We have grown so accustomed to seeing the American labor movement in a state of decline—and coming under constant attack—that it is easy to dismiss the whole subject as a romanticized legacy of an aging progressive Left. I was reminded of this hazard during a recent conversation with a college student. When he asked what I studied, I said “labor,” whereupon the student replied: “Unions—I read about them once in my history class.”
This detached, antiquarian outlook comes in part from the familiar plotting of much of our writing about labor along a rise-and-fall narrative. The story of labor pre-1970 is one of promise and political partnerships, but the post-’70 labor story becomes one of decline and abandonment. While we cannot minimize the real damage wrought upon organized labor by the hostile incursions of neoliberalism and globalization, we need to remind ourselves that earlier generations of workers who faced enormous pressures from the outside nevertheless have organized to effectively claim the power to control their wages and working conditions.
This is why Frank Bardacke’s new landmark biography of United Farm Workers founder Cesar Chavez, Trampling Out the Vintage, is so important now—it serves as both a cautionary and inspirational tale that delimits the profound reach of grassroots field organizing, while also detailing the inward-looking drift of a labor leadership that wound up crowding out the key concerns of the union’s own members. Bardacke, a former social-justice activist, farmworker, and labor educator, is a deft and sensitive storyteller, and he’s produced an affecting dual portrait of both Chavez and the rank-and-file agricultural workers who aided his rise to power.
Chavez is most commonly remembered today as a hero saint of labor—a new leader from an immigrant background who emerged in the 1960s and, unlike the more hidebound labor leaders of that era, was able to energize and recruit New Leftists and social-justice activists. Still, in reconstructing Chavez’s own role in this organizing pantheon, Bardacke insists that the farmworkers themselves turned him into a leader:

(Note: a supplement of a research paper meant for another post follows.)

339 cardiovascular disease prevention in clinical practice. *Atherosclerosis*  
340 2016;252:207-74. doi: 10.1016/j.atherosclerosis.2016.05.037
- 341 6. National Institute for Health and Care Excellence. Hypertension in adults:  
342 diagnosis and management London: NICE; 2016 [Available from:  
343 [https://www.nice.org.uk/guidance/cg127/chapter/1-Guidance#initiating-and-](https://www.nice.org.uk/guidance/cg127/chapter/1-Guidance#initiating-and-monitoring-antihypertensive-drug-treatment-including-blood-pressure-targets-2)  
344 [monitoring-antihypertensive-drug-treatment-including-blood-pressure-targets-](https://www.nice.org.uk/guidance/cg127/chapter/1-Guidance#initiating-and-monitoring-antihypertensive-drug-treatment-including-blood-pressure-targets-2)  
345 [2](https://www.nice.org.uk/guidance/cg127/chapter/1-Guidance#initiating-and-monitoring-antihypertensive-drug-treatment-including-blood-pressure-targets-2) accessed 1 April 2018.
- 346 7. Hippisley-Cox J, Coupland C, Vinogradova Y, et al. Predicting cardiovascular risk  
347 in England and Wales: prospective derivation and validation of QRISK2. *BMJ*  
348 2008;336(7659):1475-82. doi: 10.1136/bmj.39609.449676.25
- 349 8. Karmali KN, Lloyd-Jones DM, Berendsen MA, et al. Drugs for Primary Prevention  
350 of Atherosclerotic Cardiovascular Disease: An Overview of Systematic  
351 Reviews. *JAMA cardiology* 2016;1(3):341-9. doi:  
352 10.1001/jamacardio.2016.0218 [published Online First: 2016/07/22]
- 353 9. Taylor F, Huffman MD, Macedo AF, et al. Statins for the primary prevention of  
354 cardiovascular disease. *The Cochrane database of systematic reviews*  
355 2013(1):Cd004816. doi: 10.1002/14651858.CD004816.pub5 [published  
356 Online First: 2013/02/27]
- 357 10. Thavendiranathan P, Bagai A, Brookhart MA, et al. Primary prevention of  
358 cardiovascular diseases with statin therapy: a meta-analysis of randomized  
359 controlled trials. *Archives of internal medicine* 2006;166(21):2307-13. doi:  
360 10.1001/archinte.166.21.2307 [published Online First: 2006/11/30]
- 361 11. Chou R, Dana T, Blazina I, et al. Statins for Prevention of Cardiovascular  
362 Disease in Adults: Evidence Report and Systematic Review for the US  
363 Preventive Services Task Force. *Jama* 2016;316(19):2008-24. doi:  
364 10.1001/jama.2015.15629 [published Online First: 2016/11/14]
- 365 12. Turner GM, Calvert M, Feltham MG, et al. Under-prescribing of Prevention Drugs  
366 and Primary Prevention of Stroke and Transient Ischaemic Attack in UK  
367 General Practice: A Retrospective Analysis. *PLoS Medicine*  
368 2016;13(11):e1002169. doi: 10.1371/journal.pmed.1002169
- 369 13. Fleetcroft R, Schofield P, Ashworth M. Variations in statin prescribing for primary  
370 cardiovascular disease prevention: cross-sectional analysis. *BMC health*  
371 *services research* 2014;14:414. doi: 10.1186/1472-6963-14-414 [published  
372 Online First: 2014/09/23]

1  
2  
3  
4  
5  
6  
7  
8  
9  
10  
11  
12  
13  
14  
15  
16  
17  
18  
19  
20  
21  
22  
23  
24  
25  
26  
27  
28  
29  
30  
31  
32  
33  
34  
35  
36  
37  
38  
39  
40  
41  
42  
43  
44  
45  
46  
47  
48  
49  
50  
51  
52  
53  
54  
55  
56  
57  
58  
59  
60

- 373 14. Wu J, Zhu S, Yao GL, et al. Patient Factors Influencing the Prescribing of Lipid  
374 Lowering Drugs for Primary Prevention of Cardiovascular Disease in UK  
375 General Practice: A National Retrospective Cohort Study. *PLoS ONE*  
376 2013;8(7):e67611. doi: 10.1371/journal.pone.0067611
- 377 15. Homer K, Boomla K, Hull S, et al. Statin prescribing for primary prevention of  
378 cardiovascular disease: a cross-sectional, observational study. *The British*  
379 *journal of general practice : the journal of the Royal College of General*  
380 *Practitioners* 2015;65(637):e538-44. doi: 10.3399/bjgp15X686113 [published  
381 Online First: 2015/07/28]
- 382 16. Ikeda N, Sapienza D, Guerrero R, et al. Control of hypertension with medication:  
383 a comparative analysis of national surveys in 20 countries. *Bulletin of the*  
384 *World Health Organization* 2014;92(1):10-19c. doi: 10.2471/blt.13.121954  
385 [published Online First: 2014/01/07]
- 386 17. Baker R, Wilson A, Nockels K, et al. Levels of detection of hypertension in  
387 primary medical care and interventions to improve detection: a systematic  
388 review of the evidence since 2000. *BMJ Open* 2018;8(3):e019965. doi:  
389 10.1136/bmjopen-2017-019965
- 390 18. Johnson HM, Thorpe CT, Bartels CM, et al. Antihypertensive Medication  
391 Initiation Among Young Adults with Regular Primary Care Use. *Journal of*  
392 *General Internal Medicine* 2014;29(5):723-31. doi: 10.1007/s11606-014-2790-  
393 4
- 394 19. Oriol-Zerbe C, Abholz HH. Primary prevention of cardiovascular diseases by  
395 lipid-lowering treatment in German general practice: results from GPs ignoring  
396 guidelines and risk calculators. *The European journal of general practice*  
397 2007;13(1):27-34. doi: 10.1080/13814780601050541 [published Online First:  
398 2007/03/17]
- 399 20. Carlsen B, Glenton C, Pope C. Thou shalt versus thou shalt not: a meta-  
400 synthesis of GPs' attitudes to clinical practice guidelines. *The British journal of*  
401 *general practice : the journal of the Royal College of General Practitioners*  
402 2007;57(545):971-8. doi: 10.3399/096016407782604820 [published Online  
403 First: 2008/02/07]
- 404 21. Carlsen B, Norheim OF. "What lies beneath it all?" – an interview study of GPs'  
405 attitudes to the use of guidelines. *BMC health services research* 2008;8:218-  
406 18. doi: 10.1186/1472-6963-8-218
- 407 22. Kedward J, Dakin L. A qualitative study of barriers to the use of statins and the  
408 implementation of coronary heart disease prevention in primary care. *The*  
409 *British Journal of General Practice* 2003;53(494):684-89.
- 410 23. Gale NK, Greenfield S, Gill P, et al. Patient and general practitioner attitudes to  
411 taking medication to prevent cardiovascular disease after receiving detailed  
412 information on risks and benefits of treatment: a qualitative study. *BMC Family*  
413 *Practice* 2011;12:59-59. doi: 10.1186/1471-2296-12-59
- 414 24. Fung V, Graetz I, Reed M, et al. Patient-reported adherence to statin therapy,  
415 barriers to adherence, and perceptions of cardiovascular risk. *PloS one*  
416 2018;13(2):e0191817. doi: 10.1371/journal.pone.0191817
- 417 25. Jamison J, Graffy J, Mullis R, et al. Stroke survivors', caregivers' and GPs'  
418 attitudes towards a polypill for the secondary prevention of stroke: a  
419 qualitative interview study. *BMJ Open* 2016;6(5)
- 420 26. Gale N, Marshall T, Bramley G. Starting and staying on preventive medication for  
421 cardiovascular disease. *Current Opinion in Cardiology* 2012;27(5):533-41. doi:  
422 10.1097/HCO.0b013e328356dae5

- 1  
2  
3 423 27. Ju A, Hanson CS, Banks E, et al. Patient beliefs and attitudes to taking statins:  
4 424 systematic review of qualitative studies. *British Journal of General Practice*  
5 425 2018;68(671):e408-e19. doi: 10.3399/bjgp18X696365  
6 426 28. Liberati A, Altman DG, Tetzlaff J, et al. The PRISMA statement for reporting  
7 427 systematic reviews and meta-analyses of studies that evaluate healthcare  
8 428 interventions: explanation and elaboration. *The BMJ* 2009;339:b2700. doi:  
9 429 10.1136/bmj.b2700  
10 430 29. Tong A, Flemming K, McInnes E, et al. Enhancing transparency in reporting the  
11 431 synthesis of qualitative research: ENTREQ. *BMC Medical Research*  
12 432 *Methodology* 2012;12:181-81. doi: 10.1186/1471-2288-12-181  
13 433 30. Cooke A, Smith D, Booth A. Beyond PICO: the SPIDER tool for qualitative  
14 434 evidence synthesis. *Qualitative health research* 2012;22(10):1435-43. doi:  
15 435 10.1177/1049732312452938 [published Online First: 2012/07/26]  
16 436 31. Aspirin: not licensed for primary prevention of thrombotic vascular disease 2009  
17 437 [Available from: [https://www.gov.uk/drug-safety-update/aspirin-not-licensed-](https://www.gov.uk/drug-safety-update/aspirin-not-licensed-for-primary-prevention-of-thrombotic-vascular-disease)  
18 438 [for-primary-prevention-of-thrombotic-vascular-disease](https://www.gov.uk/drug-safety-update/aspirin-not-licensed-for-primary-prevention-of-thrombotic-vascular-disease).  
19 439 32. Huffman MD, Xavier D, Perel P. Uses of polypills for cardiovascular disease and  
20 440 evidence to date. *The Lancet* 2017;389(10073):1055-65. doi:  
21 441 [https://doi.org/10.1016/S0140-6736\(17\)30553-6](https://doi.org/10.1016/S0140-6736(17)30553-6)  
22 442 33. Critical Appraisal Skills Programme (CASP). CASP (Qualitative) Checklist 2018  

The full history of the UFW . . . is not just a tale of how Cesar Chavez came out of obscurity to lead his new farmworker union to victory, although it is authentically that. It is also the story of the farmworkers who were at the center of the union’s strength in the fields, and how, once Chavez lost their support, the UFW was doomed.
And indeed, as Bardacke goes on to demonstrate, Chavez was shaped by multiple forces and people. A native of Yuma, Arizona, raised in a large family of farmworkers, he gravitated in his younger life from one mentor to another—in and out of the labor movement. There was Fred Ross, who represented Saul Alinsky in California; then a Christian Brother named Brother Gilbert; and then the Catholic Church. Along the way there were others, such as Chuck Dederich, founder of Synanon—a drug recovery group with a distinctly authoritarian strain, and a source of some unfortunate experiments in group dynamics that Chavez adapted for the UFW.
Chavez readily took what he learned from each of these figures and melded it into something wholly his own. And in each instance, he demanded that members of the union’s inner circle declare their loyalty to both him and his newly modified method. If UFW allies and members failed to fall in line with the program, Chavez wasted little time in deeming them suspect, and eventually he purged all those considered disloyal—even some of his closest and most trusted (and rational) staff.
The early success of the union was rooted, however, not in Chavez’s inner circle, but in the organic farmworker community itself and its allies, whom Bardacke calls “the history makers from Delano”—the California town that proved instrumental in the new union’s rise. Chavez’s ability to bring influential allies to the cause helped farmworkers to redress the skewed power dynamics of a labor-punishing agricultural economy—but the heart of the union leader’s appeal was his ability to galvanize them in the world they lived in. The union, through strikes and allied boycotts, was able to bring workers a hiring hall, health and welfare benefits, and higher and steadier wages. “For anyone who was not there,” writes Bardacke, “it may be hard to imagine that celery workers in the 1970s made what would be about $50 an hour in today’s economy.”